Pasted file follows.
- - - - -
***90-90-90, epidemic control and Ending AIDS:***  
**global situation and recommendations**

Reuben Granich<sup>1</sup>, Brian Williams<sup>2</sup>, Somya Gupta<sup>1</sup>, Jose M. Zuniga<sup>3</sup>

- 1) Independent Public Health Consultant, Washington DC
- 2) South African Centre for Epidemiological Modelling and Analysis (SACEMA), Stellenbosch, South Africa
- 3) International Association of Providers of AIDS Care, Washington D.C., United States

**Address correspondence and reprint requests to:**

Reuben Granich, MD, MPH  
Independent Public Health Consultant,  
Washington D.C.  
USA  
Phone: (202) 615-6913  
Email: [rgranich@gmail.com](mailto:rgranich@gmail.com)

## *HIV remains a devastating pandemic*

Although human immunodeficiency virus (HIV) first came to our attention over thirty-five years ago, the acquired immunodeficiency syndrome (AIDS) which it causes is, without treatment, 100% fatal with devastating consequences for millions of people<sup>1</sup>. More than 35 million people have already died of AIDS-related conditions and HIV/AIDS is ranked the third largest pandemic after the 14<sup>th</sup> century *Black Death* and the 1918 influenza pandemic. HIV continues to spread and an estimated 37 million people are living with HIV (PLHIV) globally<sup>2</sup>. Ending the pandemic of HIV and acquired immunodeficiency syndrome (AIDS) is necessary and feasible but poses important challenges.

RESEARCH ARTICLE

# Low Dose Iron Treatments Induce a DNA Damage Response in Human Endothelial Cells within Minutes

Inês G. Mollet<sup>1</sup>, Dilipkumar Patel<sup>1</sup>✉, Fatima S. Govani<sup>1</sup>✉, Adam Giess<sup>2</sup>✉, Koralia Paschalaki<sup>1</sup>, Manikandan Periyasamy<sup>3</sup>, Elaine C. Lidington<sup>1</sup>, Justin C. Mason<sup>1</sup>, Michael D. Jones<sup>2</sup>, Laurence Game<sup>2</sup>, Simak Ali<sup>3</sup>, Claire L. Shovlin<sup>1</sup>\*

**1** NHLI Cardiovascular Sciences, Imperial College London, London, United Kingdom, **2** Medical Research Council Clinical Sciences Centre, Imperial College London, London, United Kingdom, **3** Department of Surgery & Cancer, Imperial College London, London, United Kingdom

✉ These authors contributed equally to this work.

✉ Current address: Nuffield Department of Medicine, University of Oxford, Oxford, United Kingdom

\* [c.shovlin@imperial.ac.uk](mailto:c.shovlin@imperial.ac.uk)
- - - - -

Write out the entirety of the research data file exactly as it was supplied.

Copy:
***90-90-90, epidemic control and Ending AIDS:***  
**global situation and recommendations**

Reuben Granich<sup>1</sup>, Brian Williams<sup>2</sup>, Somya Gupta<sup>1</sup>, Jose M. Zuniga<sup>3</sup>

- 1) Independent Public Health Consultant, Washington DC
- 2) South African Centre for Epidemiological Modelling and Analysis (SACEMA), Stellenbosch, South Africa
- 3) International Association of Providers of AIDS Care, Washington D.C., United States

**Address correspondence and reprint requests to:**

Reuben Granich, MD, MPH  
Independent Public Health Consultant,  
Washington D.C.  
USA  
Phone: (202) 615-6913  
Email: [rgranich@gmail.com](mailto:rgranich@gmail.com)

## *HIV remains a devastating pandemic*

Although human immunodeficiency virus (HIV) first came to our attention over thirty-five years ago, the acquired immunodeficiency syndrome (AIDS) which it causes is, without treatment, 100% fatal with devastating consequences for millions of people<sup>1</sup>. More than 35 million people have already died of AIDS-related conditions and HIV/AIDS is ranked the third largest pandemic after the 14<sup>th</sup> century *Black Death* and the 1918 influenza pandemic. HIV continues to spread and an estimated 37 million people are living with HIV (PLHIV) globally<sup>2</sup>. Ending the pandemic of HIV and acquired immunodeficiency syndrome (AIDS) is necessary and feasible but poses important challenges.

RESEARCH ARTICLE

# Low Dose Iron Treatments Induce a DNA Damage Response in Human Endothelial Cells within Minutes

Inês G. Mollet<sup>1</sup>, Dilipkumar Patel<sup>1</sup>✉, Fatima S. Govani<sup>1</sup>✉, Adam Giess<sup>2</sup>✉, Koralia Paschalaki<sup>1</sup>, Manikandan Periyasamy<sup>3</sup>, Elaine C. Lidington<sup>1</sup>, Justin C. Mason<sup>1</sup>, Michael D. Jones<sup>2</sup>, Laurence Game<sup>2</sup>, Simak Ali<sup>3</sup>, Claire L. Shovlin<sup>1</sup>\*

**1** NHLI Cardiovascular Sciences, Imperial College London, London, United Kingdom, **2** Medical Research Council Clinical Sciences Centre, Imperial College London, London, United Kingdom, **3** Department of Surgery & Cancer, Imperial College London, London, United Kingdom

✉ These authors contributed equally to this work.

✉ Current address: Nuffield Department of Medicine, University of Oxford, Oxford, United Kingdom

\* [c.shovlin@imperial.ac.uk](mailto:c.shovlin@imperial.ac.uk)